Fidencio is an indigenous political prisoner of the Yaqui Tribe, from the town of Loma de Bácum, Sonora. He is serving 15 years and 6 months after being wrongfully convicted of homicide. It is believed that he was targeted due to his support for the indigenous community's opposition to a gas pipeline.
"The people of Loma de Bácum, are opposed to a gas pipeline that the government of the State of Sonora—the government of Claudia Pavlovich Arellano—wants to build. On October 21st, Yaquis from the eight Yaqui towns arrived in our community. These Yaquis receive money and new cars from the government and from the pipeline company, Sempra Energy. These Yaquis came to attack our traditional guard, and to attack our community, as a means to impose their authority and move forward with the gas pipeline project. For unknown reasons, we as Yaquis and as Catholics, we say it is metaphysical; that day October 21st, armed people entered Loma de Bácum and attacked the assembly. They tried to pass this off as a 'confrontation between communities,' between those who are in favor and those who are against the gas pipeline, those 'in favor or against progress.' In interviews, some of the people brought to Loma de Bácum that day made their reasons known: the state and federal governments threatened to suspend all social programs directed towards them.
In addition, the Yaqui tribe has ancestral customs to resolve their differences. In the law, consecrated in the constitution SINCE 1917, the Yaquis have a government named by the community. They elect their traditional authorities, name their guardians and establish the sanctions for those who violate community rules. Each and every one of their important decisions is made after a long process of internal consultation and only when all of the communities are in agreement are things decided. In other words, the gas pipeline would not advance even if only one of the communities remained against it. The aggression against Loma de Bácum resulted in the death of Cruz Huitimea Piña, victim of a 22-caliber bullet. As the result of bad luck, or due to destiny, Fidencio Aldama Pérez was accused of the murder. That day Fidencio Aldama Pérez was working as part of the traditional guard. He had a 45-caliber weapon. Cruz was assassinated with a 22-caliber weapon. You all can see the difference there. Fidencio had a 45-caliber weapon and Cruz was killed with a 22-caliber weapon.
Six days later, on October 27th, 2016, the prosecutor’s office asked our Indigenous authorities permission to interview or take statements from the people that were there part of the traditional guard the day of the conflict. They asked to speak with Fidencio. At the moment Fidencio got into the automobile, darkness took over. They took Fidencio, alongside the compañera, Anabella Carlon, and a lawyer named Merardo, to Obregon. There he was taken to the attorney general’s office, where they made him sign papers and where he was given an arrest warrant. At that moment, Fidencio said he wondered why his arrest warrant wasn’t given to him in front of the traditional guard, in front of the traditional authorities and the people of the community. He asked why he had to sign the papers. The investigating state police told him that everything would be fine. He thus signed because he didn’t have any other option.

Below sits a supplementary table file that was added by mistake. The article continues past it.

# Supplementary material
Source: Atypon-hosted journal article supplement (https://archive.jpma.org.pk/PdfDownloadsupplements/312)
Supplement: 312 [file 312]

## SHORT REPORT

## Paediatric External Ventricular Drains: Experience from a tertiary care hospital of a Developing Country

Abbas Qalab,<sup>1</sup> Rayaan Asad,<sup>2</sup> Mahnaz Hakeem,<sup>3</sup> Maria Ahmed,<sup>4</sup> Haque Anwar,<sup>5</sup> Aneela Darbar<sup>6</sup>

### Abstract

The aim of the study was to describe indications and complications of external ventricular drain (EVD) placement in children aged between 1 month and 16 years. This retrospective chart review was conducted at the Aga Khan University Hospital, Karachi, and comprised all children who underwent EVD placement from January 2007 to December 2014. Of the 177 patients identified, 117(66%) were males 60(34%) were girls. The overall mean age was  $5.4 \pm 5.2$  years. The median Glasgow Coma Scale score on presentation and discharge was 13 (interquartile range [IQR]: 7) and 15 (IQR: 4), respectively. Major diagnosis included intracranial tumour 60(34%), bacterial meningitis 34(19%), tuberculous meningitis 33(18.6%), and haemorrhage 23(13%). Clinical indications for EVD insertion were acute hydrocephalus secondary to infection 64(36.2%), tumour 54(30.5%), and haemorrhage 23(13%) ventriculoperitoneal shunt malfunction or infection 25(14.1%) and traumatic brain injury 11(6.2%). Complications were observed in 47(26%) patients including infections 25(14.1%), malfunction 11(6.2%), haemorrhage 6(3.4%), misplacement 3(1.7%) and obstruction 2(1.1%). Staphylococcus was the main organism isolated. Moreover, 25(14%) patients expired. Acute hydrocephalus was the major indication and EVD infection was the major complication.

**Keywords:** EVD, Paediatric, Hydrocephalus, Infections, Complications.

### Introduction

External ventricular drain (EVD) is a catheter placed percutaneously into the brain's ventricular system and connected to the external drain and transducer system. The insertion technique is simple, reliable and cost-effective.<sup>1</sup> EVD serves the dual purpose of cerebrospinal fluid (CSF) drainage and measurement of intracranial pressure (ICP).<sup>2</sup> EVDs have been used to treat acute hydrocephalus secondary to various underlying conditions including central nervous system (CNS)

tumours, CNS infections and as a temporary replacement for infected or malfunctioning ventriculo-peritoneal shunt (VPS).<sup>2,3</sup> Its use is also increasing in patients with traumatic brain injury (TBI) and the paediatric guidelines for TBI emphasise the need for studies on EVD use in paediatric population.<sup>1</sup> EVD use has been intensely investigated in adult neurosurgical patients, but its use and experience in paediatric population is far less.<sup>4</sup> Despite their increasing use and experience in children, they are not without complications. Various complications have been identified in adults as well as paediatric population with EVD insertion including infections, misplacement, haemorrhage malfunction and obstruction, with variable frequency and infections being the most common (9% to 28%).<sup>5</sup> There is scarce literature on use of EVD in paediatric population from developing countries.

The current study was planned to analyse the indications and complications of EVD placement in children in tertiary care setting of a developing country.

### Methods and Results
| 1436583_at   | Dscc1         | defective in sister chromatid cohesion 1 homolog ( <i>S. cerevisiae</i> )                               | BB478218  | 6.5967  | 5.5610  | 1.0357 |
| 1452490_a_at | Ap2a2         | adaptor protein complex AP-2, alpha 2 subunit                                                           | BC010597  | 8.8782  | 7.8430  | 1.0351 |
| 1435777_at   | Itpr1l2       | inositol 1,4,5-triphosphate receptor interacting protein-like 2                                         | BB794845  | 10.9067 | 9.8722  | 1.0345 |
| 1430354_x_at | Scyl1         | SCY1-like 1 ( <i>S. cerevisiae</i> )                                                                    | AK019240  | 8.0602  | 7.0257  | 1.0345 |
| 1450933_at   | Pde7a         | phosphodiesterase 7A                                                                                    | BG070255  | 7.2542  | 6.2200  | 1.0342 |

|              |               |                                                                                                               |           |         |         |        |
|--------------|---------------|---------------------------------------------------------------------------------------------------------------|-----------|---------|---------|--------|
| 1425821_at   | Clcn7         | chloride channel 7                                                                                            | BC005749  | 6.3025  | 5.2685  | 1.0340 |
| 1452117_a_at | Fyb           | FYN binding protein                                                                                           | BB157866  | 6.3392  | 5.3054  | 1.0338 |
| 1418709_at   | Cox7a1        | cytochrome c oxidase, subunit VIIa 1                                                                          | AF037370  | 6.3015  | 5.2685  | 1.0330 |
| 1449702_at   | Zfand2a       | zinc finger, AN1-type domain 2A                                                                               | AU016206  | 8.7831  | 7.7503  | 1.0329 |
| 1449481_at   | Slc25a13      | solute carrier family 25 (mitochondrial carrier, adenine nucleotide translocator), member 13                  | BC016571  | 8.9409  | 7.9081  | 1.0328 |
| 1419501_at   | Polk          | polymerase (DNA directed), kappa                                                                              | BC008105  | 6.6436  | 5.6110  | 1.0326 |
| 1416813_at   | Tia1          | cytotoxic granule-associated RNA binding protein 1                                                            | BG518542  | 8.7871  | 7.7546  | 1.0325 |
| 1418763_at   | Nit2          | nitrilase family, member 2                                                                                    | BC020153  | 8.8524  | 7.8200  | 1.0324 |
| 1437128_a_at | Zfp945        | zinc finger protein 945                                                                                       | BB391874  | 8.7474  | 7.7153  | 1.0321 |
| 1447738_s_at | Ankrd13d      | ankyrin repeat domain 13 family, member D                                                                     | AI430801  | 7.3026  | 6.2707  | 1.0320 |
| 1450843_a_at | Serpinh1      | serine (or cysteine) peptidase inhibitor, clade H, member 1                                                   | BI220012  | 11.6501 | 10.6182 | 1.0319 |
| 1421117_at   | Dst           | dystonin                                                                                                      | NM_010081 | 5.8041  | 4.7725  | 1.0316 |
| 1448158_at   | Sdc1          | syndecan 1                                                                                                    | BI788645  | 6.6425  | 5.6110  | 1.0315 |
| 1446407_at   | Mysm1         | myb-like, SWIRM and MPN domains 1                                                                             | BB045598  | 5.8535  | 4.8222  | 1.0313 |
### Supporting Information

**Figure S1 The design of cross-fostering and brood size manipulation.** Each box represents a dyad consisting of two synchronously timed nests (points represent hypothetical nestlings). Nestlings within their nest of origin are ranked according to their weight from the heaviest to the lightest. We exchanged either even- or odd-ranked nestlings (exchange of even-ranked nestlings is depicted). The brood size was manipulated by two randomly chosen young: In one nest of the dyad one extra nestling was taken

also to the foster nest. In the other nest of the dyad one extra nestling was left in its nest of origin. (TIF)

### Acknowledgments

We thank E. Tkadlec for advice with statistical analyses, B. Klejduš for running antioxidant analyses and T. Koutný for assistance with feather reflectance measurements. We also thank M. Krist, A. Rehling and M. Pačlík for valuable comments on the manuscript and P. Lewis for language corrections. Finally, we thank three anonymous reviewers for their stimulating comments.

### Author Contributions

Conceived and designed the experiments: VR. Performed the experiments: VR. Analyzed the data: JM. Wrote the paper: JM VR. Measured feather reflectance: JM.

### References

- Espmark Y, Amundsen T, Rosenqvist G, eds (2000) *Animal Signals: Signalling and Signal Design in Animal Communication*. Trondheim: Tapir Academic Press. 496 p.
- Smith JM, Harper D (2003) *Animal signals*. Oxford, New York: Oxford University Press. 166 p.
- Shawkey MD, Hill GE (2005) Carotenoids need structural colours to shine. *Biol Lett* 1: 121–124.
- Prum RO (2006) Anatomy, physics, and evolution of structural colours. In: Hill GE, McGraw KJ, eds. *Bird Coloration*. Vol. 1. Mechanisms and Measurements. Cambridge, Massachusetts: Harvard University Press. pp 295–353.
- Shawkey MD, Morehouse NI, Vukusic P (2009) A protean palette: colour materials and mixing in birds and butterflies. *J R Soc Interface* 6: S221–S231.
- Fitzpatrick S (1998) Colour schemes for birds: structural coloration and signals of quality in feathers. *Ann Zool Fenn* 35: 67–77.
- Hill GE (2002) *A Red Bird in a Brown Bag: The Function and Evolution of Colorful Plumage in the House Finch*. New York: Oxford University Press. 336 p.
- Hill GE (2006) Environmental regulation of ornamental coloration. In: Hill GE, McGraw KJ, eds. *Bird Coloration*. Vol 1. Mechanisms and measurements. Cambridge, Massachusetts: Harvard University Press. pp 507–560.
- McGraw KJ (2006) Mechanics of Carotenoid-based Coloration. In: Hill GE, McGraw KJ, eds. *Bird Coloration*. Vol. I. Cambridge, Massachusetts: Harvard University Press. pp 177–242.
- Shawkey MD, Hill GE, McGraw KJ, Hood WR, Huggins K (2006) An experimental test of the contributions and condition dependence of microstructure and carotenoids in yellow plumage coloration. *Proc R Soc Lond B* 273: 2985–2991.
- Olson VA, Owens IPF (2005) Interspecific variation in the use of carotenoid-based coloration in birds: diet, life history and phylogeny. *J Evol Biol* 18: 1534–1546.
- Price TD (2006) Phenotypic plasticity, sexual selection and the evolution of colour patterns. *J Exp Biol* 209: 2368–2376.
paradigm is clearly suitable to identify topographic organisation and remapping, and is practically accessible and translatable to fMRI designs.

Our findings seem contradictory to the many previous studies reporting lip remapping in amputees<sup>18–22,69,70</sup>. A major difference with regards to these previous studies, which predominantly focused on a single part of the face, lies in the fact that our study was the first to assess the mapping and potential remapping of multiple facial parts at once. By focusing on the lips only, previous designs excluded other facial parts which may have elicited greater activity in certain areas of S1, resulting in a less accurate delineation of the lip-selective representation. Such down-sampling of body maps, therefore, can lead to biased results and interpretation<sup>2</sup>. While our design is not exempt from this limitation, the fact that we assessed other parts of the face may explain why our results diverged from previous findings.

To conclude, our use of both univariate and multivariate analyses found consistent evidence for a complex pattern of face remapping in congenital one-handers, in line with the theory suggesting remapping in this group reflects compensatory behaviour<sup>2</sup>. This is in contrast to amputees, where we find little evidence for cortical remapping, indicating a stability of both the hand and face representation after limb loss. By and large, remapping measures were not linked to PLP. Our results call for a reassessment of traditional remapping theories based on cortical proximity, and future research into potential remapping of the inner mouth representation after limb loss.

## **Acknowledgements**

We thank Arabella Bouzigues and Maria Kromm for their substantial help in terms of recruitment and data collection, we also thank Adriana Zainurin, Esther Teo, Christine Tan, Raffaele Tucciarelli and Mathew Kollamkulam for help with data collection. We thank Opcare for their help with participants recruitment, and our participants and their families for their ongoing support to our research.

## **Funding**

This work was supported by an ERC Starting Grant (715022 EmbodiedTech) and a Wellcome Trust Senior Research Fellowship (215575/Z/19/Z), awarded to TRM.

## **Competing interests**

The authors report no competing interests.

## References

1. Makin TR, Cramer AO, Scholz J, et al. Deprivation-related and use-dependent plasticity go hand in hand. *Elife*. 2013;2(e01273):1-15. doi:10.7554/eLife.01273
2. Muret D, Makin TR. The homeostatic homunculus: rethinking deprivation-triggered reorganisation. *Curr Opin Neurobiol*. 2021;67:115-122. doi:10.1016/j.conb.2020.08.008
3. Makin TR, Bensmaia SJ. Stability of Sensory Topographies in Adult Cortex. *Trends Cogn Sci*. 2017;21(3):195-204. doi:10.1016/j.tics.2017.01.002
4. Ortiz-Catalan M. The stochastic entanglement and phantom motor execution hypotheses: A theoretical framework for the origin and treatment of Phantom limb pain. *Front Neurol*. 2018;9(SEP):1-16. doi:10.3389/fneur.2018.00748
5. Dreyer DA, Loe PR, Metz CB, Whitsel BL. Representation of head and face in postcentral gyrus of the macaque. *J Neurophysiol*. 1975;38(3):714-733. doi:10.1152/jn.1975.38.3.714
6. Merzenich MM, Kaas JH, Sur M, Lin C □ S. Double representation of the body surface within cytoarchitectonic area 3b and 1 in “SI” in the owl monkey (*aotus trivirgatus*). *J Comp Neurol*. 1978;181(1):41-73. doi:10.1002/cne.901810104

After Fidencio signed the paperwork, he was taken to prison in Ciudad Obregon. Since October 27th, he has been there, deprived of his freedom, innocent. After four months, Fidencio had a hearing. There, witnesses were present who said he is guilty. A year later, the trial was held. During the trial, the witnesses they brought forward were people they had paid off. They were the same people who arrived and attacked our town on October 21st. They brought these witnesses as a means to keep Fidencio in prison. This would help to pressure the authorities to sign the passage of the gas pipeline. Fidencio was eventually sentenced to fifteen years and six months in prison.
He tells the community to stay together, to continue fighting for our territory. He says if he has to be there imprisoned, that is not important. What is important is that we continue the struggle. However, there are days that he says that he can’t continue there, that he doesn’t want to be there. 'I want to leave, I want to be with my children. I want to be in my home,' he says."
The lawyer, David Guadalupe Valenzuela, submitted an appeal in the Court of Hermosillo, Sonora but his sentence was upheld. Supposedly the lawyer also went to talk with the federal government—with the secretary of government—because there was the possibility of the Senator Nestora Salgado helping release political prisoners. However, it turned out that the case of Fidencio is in the hands of the Ministry of Interior Affairs. Now the case of Fidencio will advance to the next legal stage, to the writ of amparo. The judges who will decide on the writ of amparo have already taken account of the fact that there are anomalies, there are injustices in Fidencio’s case. That is why they had returned the appeal.
There is no mail service to the prison, but letters (in Spanish or English) can be emailed to fidenciolibre[at]protonmail.com and they will be passed on to him.